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Aspen defends environmental stance

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But warmer air carries more precipitation. Temperatures remain cold enough in the high mountains for snow. So, that increased precipitation is yielding more snow in just one place that the team of researchers have found, Mt. Shasta. Shasta is located in far northern California and, with a height of 14,161 feet, is second in height only to Mt. Rainier in the volcanic Cascade Range. Tulaczyk and his team believe the glacier on Shasta is the only river of ice in the world that is now growing.

“At the higher elevations and on Mount Shasta, more snow is being dumped,” Tulaczyk told the Sacramento Bee. By the calculations of Tulaczyk and his team of researchers, the newspaper noted, it takes a 20 per cent increase in snow precipitation to counteract a one degree rise in the temperature.

But why is the glacier on Shasta growing, but not those on Rainier, Mt. Baker and other high peaks in the Cascade Range in Washington state?

The climate of California differs from that of the Pacific Northwest. California peaks, including Shasta, get nearly all their precipitation during winter, in the form of snow. But farther north, at Rainier, precipitation is more evenly distributed throughout the year.

That means more rain, and rain actually helps melt snowpack, said Tulaczyk, when asked by Mountain Town News. “This is our guess as to why there is a difference in glacier behavior.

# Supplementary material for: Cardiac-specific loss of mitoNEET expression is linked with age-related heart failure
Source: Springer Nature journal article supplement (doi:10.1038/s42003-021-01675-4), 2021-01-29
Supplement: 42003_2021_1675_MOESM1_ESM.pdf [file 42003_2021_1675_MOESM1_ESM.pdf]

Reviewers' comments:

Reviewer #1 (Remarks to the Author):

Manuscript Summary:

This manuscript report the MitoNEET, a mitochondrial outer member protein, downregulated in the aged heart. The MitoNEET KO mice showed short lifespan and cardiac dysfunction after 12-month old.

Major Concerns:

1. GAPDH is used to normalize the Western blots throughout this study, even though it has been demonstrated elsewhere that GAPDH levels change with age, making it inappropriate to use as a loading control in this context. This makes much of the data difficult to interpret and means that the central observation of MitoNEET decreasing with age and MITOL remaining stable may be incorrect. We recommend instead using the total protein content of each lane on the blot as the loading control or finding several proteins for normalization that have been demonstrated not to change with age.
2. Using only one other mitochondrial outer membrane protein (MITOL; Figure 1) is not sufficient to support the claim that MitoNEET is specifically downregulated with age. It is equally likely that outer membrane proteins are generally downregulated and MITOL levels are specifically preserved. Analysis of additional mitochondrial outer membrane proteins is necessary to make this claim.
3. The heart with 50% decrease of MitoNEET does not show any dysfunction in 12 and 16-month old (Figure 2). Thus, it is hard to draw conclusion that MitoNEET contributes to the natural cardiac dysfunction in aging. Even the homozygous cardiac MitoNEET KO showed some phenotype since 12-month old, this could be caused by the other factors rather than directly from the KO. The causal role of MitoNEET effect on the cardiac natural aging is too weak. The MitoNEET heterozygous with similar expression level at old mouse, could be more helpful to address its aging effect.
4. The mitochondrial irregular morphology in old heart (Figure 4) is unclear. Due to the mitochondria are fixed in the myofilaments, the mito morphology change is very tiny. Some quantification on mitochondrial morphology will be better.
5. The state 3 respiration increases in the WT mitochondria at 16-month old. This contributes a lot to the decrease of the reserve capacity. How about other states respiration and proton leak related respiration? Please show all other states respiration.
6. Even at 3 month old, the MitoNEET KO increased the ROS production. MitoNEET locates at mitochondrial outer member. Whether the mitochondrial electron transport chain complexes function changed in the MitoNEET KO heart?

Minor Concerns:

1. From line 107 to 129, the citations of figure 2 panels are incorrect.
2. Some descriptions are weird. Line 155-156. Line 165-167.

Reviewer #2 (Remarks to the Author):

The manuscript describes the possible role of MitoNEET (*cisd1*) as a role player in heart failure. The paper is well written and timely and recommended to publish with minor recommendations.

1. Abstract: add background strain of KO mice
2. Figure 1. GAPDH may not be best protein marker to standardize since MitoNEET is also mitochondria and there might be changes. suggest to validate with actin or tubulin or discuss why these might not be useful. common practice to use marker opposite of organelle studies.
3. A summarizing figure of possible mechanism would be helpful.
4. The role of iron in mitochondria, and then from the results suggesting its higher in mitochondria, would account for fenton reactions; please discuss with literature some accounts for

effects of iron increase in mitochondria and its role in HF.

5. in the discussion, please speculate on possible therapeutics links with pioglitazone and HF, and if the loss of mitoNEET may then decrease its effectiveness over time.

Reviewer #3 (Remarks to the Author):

Tulaczyk and his team do not expect the glacier on Shasta to continue expanding. Climate change computer models forecast temperature increases of 3 to 4 degrees Celsius, and Tulaczyk said snow precipitation at the higher levels would have to double to maintain the equilibrium.

Indeed, Tulaczyk and his team see just the opposite ending: increasing temperatures will “result in the loss of most of Mount Shasta’s glacier volume over the next 50 years, with near total loss by the end of the century,” they say in a paper published by Climate Dynamics. A separate paper issued by the research team says the same thing will happen in the Sierra Nevada.

The Bee notes that Nestlé USA is planning to tap springs fed by Shasta for a 500-million-gallon-a-year bottling plant. The bottles are to be issued under the brand of Arrowhead. However, given the 50-year contract, Shasta could be reduced to a pile of rocks for half the year. “This is quite worrisome, a Nestlé spokesman told the Bee.

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